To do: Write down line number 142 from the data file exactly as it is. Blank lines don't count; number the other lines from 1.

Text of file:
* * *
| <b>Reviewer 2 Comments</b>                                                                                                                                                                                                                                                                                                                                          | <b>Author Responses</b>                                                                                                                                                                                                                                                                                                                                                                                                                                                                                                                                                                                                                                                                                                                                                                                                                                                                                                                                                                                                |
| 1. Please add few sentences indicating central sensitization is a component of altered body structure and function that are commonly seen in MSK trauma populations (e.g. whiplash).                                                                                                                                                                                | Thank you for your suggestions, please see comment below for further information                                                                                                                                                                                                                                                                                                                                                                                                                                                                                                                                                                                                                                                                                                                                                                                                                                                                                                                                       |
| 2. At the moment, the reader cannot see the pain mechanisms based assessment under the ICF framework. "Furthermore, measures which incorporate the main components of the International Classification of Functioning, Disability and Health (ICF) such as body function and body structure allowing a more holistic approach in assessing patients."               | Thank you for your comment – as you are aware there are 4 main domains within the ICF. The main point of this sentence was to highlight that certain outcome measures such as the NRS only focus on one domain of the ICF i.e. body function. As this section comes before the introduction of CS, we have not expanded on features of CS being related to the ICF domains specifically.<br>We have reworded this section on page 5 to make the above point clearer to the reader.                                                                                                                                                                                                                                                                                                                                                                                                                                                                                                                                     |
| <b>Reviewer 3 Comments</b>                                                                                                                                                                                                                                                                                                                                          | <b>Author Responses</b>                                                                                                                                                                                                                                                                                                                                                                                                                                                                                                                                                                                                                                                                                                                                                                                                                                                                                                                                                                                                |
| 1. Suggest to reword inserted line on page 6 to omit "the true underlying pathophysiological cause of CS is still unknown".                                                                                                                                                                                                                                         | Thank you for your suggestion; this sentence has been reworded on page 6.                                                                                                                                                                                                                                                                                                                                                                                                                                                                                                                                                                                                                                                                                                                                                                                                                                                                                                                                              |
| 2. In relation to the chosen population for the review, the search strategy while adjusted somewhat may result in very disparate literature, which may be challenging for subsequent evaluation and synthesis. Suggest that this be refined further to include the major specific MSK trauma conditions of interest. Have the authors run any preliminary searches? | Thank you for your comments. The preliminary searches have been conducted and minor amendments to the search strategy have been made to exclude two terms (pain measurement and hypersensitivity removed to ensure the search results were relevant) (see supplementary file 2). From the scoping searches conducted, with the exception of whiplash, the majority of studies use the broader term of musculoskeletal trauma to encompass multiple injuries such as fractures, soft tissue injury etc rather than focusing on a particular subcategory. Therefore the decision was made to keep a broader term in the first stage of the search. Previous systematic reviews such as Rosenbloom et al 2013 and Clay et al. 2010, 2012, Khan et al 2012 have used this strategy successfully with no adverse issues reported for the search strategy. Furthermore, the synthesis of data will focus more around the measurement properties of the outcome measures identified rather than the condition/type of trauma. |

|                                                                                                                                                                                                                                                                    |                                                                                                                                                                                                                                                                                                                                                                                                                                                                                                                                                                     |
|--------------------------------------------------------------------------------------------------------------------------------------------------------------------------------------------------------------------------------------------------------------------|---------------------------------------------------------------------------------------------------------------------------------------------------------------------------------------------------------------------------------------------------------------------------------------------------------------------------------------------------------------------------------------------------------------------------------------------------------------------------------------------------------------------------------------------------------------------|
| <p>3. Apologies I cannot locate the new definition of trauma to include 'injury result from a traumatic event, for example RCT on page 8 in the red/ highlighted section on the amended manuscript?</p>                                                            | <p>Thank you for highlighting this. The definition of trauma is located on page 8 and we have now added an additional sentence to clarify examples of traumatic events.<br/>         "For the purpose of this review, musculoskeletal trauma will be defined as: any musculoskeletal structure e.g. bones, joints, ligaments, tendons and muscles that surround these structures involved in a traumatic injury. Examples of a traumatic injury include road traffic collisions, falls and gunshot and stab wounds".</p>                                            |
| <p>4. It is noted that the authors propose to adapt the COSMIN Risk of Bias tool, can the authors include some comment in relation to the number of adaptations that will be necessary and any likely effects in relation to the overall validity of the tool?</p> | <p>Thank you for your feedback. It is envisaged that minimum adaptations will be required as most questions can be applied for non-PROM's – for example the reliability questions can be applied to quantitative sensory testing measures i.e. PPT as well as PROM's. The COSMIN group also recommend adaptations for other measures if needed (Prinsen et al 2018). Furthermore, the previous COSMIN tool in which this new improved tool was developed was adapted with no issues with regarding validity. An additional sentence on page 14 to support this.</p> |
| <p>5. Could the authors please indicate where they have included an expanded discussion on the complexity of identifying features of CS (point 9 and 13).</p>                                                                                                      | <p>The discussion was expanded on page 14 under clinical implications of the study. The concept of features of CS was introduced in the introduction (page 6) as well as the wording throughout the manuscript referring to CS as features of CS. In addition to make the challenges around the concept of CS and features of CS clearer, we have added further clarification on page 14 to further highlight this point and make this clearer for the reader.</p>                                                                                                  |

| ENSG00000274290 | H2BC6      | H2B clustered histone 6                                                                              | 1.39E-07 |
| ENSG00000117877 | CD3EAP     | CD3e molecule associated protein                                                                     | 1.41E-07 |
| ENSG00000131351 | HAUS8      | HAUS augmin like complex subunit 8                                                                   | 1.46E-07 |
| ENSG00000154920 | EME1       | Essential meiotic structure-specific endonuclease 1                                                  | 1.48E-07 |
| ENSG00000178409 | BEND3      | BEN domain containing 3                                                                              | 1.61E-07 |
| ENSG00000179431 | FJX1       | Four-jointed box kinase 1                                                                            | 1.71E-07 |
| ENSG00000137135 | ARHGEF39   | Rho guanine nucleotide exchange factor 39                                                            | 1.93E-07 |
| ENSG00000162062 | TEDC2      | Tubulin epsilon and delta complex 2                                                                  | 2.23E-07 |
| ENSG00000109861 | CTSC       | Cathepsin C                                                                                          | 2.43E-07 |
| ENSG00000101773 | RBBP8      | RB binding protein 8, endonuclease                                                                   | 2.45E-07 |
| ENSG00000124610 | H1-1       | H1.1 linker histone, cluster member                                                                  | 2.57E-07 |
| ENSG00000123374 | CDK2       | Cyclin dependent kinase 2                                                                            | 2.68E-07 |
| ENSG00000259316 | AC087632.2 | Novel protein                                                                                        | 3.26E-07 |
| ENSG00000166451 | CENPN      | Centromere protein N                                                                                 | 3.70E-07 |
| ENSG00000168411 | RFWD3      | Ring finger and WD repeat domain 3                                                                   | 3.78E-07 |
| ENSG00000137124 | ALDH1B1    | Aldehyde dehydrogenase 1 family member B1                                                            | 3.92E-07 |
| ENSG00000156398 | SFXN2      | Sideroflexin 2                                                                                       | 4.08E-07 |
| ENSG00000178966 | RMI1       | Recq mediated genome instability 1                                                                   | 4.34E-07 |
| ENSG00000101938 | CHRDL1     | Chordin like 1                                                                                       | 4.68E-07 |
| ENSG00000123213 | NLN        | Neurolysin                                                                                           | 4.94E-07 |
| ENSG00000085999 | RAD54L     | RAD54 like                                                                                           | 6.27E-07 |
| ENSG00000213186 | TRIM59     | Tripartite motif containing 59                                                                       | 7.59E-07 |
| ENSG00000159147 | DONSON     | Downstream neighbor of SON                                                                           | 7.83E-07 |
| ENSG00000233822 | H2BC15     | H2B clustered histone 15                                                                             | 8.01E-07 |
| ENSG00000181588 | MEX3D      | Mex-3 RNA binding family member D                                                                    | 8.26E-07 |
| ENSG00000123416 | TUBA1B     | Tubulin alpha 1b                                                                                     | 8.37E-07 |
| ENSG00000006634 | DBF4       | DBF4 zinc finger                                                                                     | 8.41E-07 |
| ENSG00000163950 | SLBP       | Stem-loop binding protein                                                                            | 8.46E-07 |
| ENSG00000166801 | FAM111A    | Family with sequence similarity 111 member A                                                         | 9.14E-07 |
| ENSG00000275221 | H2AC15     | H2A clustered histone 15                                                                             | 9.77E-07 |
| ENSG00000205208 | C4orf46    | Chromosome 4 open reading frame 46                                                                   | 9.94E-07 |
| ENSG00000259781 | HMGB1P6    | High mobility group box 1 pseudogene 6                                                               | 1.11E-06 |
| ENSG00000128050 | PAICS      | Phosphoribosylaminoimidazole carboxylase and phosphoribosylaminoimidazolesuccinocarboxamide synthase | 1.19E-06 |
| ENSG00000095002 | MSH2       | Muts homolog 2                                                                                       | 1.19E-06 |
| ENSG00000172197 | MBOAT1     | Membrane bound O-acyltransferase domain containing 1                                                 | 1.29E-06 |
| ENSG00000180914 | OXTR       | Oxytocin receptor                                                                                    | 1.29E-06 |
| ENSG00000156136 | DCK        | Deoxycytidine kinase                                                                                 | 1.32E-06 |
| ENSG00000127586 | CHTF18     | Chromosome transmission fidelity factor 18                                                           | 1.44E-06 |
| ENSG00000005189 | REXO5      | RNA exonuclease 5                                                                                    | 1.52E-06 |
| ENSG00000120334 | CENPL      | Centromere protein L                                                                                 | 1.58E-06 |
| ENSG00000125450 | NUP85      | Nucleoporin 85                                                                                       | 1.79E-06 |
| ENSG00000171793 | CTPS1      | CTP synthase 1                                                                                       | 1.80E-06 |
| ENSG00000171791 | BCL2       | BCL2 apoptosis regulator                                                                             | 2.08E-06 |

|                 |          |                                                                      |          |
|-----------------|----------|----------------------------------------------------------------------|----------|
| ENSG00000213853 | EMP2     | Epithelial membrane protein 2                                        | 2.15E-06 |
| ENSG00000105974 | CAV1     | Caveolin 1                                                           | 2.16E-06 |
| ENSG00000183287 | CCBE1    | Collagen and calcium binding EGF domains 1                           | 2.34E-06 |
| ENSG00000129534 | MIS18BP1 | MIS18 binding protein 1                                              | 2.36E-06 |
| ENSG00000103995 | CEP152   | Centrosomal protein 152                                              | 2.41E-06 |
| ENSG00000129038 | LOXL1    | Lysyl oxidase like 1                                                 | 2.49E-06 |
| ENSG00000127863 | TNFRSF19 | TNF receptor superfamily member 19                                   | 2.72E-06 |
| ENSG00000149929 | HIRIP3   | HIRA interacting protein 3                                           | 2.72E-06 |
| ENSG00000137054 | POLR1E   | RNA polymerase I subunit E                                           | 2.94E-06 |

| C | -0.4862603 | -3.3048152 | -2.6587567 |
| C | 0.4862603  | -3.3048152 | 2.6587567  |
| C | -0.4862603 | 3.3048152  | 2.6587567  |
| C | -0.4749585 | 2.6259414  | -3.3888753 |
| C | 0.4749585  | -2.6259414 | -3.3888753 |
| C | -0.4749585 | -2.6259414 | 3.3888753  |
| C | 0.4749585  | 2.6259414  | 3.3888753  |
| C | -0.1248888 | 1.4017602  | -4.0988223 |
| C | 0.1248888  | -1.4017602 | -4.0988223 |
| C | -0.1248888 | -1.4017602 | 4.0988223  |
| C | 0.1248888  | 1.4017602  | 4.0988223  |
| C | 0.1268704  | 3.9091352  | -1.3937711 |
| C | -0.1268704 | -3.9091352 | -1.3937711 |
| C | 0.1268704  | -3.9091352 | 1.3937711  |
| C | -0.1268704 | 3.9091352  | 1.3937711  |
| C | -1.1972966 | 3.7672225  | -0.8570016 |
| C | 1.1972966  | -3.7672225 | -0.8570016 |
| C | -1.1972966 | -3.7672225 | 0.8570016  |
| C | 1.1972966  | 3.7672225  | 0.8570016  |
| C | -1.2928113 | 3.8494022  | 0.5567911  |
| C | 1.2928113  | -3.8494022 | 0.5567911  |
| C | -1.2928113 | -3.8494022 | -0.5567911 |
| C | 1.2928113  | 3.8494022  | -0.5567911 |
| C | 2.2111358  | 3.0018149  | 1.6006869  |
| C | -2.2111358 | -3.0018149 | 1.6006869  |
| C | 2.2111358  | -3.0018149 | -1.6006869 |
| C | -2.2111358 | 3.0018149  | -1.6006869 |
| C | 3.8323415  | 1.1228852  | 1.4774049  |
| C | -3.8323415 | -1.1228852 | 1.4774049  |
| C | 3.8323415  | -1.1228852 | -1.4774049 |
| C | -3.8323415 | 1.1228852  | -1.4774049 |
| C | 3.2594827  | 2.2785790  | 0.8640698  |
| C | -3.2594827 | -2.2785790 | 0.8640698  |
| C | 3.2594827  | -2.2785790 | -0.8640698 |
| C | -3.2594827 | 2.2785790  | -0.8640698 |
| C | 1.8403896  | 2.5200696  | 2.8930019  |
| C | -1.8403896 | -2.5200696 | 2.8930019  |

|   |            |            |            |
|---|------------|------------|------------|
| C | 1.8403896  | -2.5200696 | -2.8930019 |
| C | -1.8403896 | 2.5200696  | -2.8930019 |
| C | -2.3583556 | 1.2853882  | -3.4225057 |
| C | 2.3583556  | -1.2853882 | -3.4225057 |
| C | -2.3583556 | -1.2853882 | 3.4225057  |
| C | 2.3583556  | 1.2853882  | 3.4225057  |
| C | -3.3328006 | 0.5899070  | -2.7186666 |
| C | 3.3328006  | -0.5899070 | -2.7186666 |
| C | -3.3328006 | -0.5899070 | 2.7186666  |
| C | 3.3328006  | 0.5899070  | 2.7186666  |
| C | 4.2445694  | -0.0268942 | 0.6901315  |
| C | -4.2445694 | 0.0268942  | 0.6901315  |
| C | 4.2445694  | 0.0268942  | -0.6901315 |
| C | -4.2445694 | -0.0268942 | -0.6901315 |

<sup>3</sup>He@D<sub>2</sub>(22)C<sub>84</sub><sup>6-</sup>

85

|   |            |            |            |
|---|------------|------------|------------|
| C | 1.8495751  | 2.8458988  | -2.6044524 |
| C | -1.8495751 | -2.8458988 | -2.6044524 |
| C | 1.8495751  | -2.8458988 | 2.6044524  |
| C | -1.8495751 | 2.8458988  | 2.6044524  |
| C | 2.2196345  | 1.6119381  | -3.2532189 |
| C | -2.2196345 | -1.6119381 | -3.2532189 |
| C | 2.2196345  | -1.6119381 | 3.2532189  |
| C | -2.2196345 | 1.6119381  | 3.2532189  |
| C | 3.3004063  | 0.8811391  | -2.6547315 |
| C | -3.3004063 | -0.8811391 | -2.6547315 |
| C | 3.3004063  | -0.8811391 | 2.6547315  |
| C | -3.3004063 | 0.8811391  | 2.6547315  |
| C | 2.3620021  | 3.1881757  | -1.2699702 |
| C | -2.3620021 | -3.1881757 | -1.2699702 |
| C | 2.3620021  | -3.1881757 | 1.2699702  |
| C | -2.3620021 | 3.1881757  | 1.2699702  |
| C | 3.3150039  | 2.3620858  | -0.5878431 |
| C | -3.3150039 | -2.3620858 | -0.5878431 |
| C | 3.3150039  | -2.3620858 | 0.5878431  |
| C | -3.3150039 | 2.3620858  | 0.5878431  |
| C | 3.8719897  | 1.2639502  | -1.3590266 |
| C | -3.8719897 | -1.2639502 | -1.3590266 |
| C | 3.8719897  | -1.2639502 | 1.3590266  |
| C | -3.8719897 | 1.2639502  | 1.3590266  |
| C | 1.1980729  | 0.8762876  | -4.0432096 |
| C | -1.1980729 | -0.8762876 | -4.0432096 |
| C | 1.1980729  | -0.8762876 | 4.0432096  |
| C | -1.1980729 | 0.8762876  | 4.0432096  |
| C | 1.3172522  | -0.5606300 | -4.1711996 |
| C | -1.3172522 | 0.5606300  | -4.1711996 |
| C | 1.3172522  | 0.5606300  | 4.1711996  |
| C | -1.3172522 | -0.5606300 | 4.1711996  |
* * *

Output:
| C | -3.3150039 | 2.3620858  | 0.5878431  |